Cloth $30.00 ISBN: 9780226428963 Published August 2012
E-book $18.00 About E-books ISBN: 9780226428987 Published August 2012

Rising Up from Indian Country

The Battle of Fort Dearborn and the Birth of Chicago

Ann Durkin Keating

Ann Durkin Keating

320 pages | 35 halftones, 14 maps | 6 x 9 | © 2012
Cloth $30.00 ISBN: 9780226428963 Published August 2012
E-book $18.00 About E-books ISBN: 9780226428987 Published August 2012

In August 1812, under threat from the Potawatomi, Captain Nathan Heald began the evacuation of ninety-four people from the isolated outpost of Fort Dearborn to Fort Wayne, hundreds of miles away. The group included several dozen soldiers, as well as nine women and eighteen children. After traveling only a mile and a half, they were attacked by five hundred Potawatomi warriors. In under an hour, fifty-two members of Heald’s party were killed, and the rest were taken prisoner; the Potawatomi then burned Fort Dearborn before returning to their villages.

These events are now seen as a foundational moment in Chicago’s storied past. With Rising up from Indian Country, noted historian Ann Durkin Keating richly recounts the Battle of Fort Dearborn while situating it within the context of several wider histories that span the nearly four decades between the 1795 Treaty of Greenville, in which Native Americans gave up a square mile at the mouth of the Chicago River, and the 1833 Treaty of Chicago, in which the American government and the Potawatomi exchanged five million acres of land west of the Mississippi River for a tract of the same size in northeast Illinois and southeast Wisconsin.
 
In the first book devoted entirely to this crucial period, Keating tells a story not only of military conquest but of the lives of people on all sides of the conflict. She highlights such figures as Jean Baptiste Point de Sable and John Kinzie and demonstrates that early Chicago was a place of cross-cultural reliance among the French, the Americans, and the Native Americans. Published to commemorate the bicentennial of the Battle of Fort Dearborn, this gripping account of the birth of Chicago will become required reading for anyone seeking to understand the city and its complex origins.       

Lee Sandlin | Wall Street Journal
“[O]pens up a fascinating vista of lost American history. . . . It's a great story, and Ms. Keating's neutral, unemphatic prose makes it register all the more clearly.”
Publishers Weekly
“[An] informative, ambitious account. . . . On bookshelves in time to honor the bicentennial of the Fort Dearborn battle, Keating’s well-researched book rights some misconceptions about the old conflicts, the strategies of the whites and Indians to keep their land, and how early Chicago came to exist.”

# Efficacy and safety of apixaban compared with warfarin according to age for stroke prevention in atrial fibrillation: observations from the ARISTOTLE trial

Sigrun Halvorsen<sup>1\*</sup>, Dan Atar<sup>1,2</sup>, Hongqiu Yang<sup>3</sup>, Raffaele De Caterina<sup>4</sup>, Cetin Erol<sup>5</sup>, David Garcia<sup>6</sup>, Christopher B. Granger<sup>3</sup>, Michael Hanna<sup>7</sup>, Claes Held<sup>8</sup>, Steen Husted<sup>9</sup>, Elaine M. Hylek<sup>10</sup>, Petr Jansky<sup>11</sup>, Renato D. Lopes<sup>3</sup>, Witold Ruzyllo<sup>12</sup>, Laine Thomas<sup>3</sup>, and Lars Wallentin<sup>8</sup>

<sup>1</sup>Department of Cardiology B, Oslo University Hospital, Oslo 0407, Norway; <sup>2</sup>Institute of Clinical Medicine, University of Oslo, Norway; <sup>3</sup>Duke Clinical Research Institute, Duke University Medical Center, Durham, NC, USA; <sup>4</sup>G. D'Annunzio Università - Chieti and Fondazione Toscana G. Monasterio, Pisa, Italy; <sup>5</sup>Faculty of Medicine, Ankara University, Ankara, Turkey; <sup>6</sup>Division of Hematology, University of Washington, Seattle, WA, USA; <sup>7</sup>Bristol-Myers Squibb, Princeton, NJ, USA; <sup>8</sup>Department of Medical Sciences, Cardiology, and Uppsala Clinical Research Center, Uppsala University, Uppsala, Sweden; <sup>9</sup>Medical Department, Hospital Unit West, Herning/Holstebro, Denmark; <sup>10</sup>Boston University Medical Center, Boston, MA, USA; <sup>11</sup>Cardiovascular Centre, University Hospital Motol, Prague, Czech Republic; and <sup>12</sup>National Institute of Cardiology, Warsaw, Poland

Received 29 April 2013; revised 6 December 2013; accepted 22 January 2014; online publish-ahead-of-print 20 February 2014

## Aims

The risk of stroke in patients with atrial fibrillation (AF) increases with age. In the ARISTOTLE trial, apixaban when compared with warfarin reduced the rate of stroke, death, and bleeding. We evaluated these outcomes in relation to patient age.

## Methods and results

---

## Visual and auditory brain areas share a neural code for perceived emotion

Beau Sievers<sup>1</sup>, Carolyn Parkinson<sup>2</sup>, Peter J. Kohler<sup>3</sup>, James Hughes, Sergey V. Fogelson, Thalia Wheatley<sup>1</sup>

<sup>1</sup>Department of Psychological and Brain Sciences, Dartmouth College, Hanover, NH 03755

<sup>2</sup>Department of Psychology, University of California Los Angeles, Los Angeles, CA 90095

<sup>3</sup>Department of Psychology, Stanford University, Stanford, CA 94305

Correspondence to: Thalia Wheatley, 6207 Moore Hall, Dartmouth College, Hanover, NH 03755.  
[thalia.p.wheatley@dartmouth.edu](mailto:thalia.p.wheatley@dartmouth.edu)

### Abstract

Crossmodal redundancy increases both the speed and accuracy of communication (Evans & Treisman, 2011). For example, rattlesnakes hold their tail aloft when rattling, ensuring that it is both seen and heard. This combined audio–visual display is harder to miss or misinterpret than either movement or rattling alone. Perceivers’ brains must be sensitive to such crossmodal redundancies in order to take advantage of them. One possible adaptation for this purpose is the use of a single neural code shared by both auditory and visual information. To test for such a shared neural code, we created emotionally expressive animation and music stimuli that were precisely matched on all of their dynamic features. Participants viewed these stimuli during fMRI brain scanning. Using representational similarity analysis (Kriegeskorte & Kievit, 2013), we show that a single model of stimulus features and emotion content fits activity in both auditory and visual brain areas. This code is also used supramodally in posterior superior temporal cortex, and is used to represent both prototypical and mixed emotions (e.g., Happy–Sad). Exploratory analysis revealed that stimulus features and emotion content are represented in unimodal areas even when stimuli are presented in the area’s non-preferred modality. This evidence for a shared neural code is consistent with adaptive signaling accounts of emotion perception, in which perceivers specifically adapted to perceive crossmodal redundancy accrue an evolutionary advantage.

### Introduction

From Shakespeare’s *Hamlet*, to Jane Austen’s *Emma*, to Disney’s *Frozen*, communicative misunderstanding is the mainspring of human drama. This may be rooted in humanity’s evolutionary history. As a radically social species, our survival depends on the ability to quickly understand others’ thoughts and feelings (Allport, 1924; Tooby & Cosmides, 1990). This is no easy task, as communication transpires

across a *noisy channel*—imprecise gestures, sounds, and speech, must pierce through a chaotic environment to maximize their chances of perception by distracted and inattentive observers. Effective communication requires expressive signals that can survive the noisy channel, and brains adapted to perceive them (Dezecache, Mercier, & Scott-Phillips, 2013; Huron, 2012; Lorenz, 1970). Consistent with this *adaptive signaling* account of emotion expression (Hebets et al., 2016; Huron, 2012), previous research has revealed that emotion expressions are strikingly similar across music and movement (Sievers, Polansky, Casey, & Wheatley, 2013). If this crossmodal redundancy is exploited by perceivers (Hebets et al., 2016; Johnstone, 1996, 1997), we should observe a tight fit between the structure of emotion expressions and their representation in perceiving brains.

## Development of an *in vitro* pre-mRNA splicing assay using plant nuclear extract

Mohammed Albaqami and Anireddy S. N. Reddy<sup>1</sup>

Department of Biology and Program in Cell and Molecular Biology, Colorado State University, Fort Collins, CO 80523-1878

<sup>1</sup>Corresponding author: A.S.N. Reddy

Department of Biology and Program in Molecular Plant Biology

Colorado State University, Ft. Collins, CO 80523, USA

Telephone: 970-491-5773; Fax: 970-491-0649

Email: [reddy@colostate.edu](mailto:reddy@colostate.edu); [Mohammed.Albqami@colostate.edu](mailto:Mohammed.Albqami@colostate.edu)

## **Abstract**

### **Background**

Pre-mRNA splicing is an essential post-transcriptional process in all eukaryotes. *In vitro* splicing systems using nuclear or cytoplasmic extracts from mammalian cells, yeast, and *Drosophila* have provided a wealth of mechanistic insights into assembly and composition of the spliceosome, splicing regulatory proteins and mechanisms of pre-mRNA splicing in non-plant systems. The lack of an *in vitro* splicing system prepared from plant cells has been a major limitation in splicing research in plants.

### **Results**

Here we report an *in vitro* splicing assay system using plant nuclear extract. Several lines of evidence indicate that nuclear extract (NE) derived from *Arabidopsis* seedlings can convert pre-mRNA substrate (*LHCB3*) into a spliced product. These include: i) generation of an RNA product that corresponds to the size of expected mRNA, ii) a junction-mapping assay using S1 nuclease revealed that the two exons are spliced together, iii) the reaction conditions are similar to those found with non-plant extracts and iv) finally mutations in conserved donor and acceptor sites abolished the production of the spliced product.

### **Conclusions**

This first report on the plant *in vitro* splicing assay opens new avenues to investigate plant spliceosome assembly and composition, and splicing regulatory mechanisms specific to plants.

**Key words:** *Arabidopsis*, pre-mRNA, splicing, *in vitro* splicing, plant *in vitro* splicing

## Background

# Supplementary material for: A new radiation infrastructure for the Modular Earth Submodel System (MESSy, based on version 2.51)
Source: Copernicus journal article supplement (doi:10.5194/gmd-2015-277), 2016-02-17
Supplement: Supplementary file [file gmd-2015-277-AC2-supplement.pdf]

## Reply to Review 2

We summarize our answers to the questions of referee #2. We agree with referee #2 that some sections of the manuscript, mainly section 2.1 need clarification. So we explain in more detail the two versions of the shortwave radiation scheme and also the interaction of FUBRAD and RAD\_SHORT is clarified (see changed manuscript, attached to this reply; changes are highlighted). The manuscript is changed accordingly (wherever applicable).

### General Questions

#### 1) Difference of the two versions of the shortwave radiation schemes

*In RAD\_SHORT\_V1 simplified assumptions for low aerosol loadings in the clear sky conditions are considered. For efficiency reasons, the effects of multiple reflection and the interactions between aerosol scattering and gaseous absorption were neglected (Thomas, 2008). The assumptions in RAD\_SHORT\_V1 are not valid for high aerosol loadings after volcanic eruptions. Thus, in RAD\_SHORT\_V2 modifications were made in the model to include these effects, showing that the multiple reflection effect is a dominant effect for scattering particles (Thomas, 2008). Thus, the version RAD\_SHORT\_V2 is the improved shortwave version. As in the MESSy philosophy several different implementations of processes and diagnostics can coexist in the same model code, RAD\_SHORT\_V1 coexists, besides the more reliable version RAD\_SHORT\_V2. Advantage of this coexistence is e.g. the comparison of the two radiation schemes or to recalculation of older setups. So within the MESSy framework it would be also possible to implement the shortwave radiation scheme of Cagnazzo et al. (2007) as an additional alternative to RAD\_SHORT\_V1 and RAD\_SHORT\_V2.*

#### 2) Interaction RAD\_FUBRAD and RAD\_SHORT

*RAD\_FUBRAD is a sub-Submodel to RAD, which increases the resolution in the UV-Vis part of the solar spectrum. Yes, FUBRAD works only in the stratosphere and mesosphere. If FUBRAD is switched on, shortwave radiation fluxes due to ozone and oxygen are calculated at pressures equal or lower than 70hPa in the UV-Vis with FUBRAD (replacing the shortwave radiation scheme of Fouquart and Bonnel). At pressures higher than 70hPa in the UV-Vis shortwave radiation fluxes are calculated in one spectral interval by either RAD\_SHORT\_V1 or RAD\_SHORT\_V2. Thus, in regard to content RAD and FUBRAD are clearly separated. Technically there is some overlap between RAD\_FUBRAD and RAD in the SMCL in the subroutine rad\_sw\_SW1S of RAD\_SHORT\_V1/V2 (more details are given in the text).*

Walter Nugent, author of Habits of Empire: A History of American Expansion
“How did Chicago stop being Indian Country and become American? Ann Durkin Keating has recast that struggle into a story far more complex than the conventional ‘manifest destiny’ tale. Well researched and written, this book is an eye-opening account of Chicago's earliest, most contested days.”
Donald L. Miller, author of City of the Century: The Epic of Chicago and the Mak
“Ann Keating has taken on the least explored area of Chicago history—its raucous beginnings—and brought it magnificently to life. The book is a landmark work, deeply researched and vividly written.”
Frederick E. Hoxie, author of The People: A History of Native America
“Ann Keating has given us a new three-dimensional picture of Chicago’s founding.  Rising Up from Indian Country paints a compelling picture of Chicago’s Indian Country origins and skillfully describes the tragedy at Fort Dearborn from the perspective of all who participated. This is a dramatic story that invites readers both to absorb new facts about the past and to reflect upon their meaning.”
Steven C. Eames | The Historian
"Keating presents an excellent addition to the interpretation of Chicago’s early history while at the same time providing a reminder to all historians that early border societies were very complex."
Contents
JOHN KINZIE TIMELINE
GENERAL TIMELINE
A MOBILE CAST OF CHARACTERS
LIST OF MAPS
PREFACE: JOHN KINZIE’S WORLD
ACKNOWLEDGMENTS

INTRODUCTION Chicago in the Indian Country of the Western Great Lakes

PART ONE THE UNITED STATES AND THE INDIAN COUNTRY OF THE WESTERN GREAT LAKES
ONE John Kinzie and the Traders in the Indian Country of the Western Great Lakes, 1763–1812
TWO   The Greenville Treaty and the American Era, 1789–1800

PART TWO  FORT DEARBORN AND TIPPECANOE, 1803–1811
THREE  President Jefferson and the Founding of Fort Dearborn, 1803–1804
FOUR Kinzie & Forsyth, at Chicago and Peoria, 1803–1812
FIVE President Jefferson, Main Poc, and the Founding of Tippecanoe, 1808–1811
SIX   Battle of Tippecanoe, November 1811

PART THREE IN THE WAKE OF THE BATTLE OF TIPPECANOE, SPRING 1812
SEVEN  Planning for War, Spring 1812
EIGHT John Kinzie’s Ambiguous Loyalties and a Forgotten Murder, May–June 1812
NINE   The War Begins, June–July 1812
TEN   The Potawatomi Attack, August 15, 1812

PART FOUR  IN THE AFTERMATH OF AUGUST 15, 1812
ELEVEN  John and Eleanor Kinzie’s Neighbors, August 1812
TWELVE  Captors and Captives, Fall 1812
THIRTEEN  A Savage Fall: 1812 in the West
FOURTEEN  1813: Shifting Allegiances

PART FIVE  AFTER THE WAR OF 1812
FIFTEEN The End of Indian Country in the Neighborhood of Chicago, 1816–1829
SIXTEEN  Kinzie’s Retreat to Chicago, 1816–1828
SEVENTEEN  The 1833 Treaty of Chicago
EPILOGUE  Why It Was Not a Massacre

NOTES
INDEX
For more information, or to order this book, please visit http://www.press.uchicago.edu
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